Mars Exploration Rover Update - March 7, 2005

http://marsrovers.jpl.nasa.gov/mission/status.html
SPIRIT UPDATE: Spirit Perched at 'Larry's Lookout' - sol 408-415, March 07, 2005
Spirit's focus on sols 408 through 412 was the spectacular panorama from "Larry's Lookout." After completing that 4-sol effort, Spirit rolled to a nearby rock target called "Watchtower" and began examining it with tools on the robotic arm.
Spirit is in excellent health. Skies are clearing of dust and Spirit's solar panels are angled at a high northerly-tilt. So, as Mars approaches the spring season, Spirit has had ample power and a full battery at the start of each recent sol. Flash memory is also in good shape despite the large panorama acquired, thanks to good downlinks and data management.
Sol-by-sol summaries:
On sol 408, Spirit was unable to uplink due to a communications transmitter failure.
Sol 409 was a repeat plan of sol 408, and Spirit drove 2.7 meters (8.9 feet) to Larry's Lookout.
Sols 410 and 411 were the first of four days of using the panoramic camera to acquire frames for a panorama from Larry's Lookout.
On sols 412 and 413, Spirit continued acquiring the panorama and also made observations with the miniature thermal emission spectrometer.
On sol 414, Spirit moved slightly to put Watchtower into the work volume for the robotic arm.
On sol 415, Spirit brushed the dust off of an area on Watchtower with the rock abrasion tool and started an overnight integration with the alpha particle X-ray spectrometer.
Sol 415 ended on March 4, 2005.
Spirit's current total odometry is 4,161 meters (2.59 miles).
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snipped-for-privacy@earthlink.net wrote:

Whats a "sol"?
LB
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A day to an alien on another planet.
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A day on Mars.
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it's short for "solar day". The day's arent the same length as they are here on earth, so to keep it simple, they just call them solar days. One sunrise to another sunrise is one "sol".
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If that is true, then a sol is a little longer than one rotation. Because every sunrise has to catch up with the planet's revolution (around the star) distance.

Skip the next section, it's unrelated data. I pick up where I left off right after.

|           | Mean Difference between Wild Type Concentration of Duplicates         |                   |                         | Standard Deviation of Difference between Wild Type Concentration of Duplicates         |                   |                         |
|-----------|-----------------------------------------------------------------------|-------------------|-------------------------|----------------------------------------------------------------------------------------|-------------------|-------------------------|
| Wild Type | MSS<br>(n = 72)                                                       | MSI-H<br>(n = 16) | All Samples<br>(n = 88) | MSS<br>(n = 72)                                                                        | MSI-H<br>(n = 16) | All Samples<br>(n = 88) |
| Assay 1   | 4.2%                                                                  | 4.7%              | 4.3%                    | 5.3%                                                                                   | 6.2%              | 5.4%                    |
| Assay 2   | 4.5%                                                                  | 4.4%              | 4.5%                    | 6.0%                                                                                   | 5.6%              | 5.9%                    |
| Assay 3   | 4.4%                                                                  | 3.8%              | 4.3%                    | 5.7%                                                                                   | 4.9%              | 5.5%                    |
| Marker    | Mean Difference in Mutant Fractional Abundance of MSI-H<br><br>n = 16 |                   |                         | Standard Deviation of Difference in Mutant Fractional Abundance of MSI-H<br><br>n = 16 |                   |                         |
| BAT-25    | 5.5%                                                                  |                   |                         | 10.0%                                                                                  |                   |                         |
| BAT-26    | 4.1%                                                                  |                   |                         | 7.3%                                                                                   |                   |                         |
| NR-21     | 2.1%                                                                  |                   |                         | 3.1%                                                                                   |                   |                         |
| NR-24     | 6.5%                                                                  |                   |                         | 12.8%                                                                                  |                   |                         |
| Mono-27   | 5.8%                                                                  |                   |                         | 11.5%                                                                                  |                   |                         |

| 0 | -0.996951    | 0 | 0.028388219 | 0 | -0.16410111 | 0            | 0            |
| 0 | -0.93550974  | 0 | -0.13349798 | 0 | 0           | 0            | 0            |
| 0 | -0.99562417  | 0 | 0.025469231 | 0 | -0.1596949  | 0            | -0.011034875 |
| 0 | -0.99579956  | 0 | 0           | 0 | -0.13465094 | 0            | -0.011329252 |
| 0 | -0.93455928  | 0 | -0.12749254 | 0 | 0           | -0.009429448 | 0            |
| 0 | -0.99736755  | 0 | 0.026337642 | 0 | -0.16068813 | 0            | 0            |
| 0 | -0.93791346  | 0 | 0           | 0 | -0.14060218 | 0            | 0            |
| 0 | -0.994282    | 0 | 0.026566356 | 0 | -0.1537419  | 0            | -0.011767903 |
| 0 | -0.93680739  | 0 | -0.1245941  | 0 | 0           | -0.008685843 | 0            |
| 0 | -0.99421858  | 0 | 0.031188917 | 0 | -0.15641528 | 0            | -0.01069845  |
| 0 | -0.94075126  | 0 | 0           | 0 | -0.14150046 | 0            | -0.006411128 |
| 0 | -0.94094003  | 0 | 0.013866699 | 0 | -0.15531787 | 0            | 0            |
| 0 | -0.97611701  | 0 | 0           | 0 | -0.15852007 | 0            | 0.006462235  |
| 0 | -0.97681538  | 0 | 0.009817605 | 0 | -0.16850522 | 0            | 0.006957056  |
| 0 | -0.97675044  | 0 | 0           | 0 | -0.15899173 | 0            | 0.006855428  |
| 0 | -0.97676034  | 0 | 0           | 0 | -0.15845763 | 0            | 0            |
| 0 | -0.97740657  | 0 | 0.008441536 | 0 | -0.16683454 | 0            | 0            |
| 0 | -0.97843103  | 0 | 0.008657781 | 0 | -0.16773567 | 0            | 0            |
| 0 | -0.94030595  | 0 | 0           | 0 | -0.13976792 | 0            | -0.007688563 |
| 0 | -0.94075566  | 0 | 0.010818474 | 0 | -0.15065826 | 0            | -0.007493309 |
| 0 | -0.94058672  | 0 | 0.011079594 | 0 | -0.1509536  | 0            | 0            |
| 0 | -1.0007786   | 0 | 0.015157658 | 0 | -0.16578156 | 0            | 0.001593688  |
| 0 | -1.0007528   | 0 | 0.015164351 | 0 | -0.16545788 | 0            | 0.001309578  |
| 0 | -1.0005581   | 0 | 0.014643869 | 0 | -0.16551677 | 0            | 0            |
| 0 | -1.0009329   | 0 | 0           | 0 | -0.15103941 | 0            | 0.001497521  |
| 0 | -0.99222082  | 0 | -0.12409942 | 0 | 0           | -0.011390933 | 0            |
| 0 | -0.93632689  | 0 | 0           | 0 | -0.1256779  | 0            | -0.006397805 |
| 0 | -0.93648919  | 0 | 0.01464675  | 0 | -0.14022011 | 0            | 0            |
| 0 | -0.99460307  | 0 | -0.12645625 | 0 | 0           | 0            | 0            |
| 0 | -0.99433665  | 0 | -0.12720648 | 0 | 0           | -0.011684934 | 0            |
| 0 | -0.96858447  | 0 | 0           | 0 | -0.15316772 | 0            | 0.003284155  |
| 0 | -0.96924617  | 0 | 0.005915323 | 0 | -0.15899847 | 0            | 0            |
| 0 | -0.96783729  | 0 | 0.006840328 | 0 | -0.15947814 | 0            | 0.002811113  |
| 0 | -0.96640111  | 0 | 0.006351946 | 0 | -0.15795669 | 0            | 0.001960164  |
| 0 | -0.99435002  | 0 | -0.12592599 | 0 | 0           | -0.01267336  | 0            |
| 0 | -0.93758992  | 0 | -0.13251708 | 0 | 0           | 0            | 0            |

Maybe that is why our sol is 24 hours, but a rotation is only 23 hours and 56 minutes. Assuming they measured this correctly, of course.
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Mark Earnest wrote:

The martian "day" is 1.026 earth days. This equates to ~12 minutes a week difference. Not alot, but spready over the 400+ days we're reaching now, it can be quite a significant difference.
The most major reason fo the difference in a day and a sol is the fact that the to sun up times do not coincide, and are always changing. A matter of schedualing for the scientists on duty comes into play here. Thier shifts wold be all out of whack if they just followed earth days. One day you may be getting up at 8am for work, and 3am the next. So al the scientists run on mars time for a more steady work flow and daily routine.
--Andy P
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JPL had special digital watches made (all you really need do is change the quartz crystal to one of a lower frequency) for Martian time to give to those scientists. So they could keep track of the time on Mars' daytime and nighttime.
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robert casey wrote:

Thanks to all that replied <bg>!!!
LB
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A Martian Sol is about 40 minutes longer than an Earth Sol. The scientists stagger their work days to follow the Sols, which causes some difficulty in their personal life as captured int he PBS Nova documentaries. They like to be in the lab when the sunrise wakes up the rover. Then the Sol's activity program is transmitted. Confirmations take at least 30 minutes round trip at the speed-of-light, so maybe they get to interact with the rovers about once a daylight hour.
I presume the funding for Rovers will be extended beyond its March 31 termination. There have already been two six-month extensions since the original 90-day funding. It looks like Spirit could last a few more months, and Opportunity shows little degradation at all.
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Check out the Sol 420 raw panoramics from Larry's Lookout. A perfectly valid capture of a traversing moon:
http://marsrovers.jpl.nasa.gov/gallery/all/spirit_p420.html
kk
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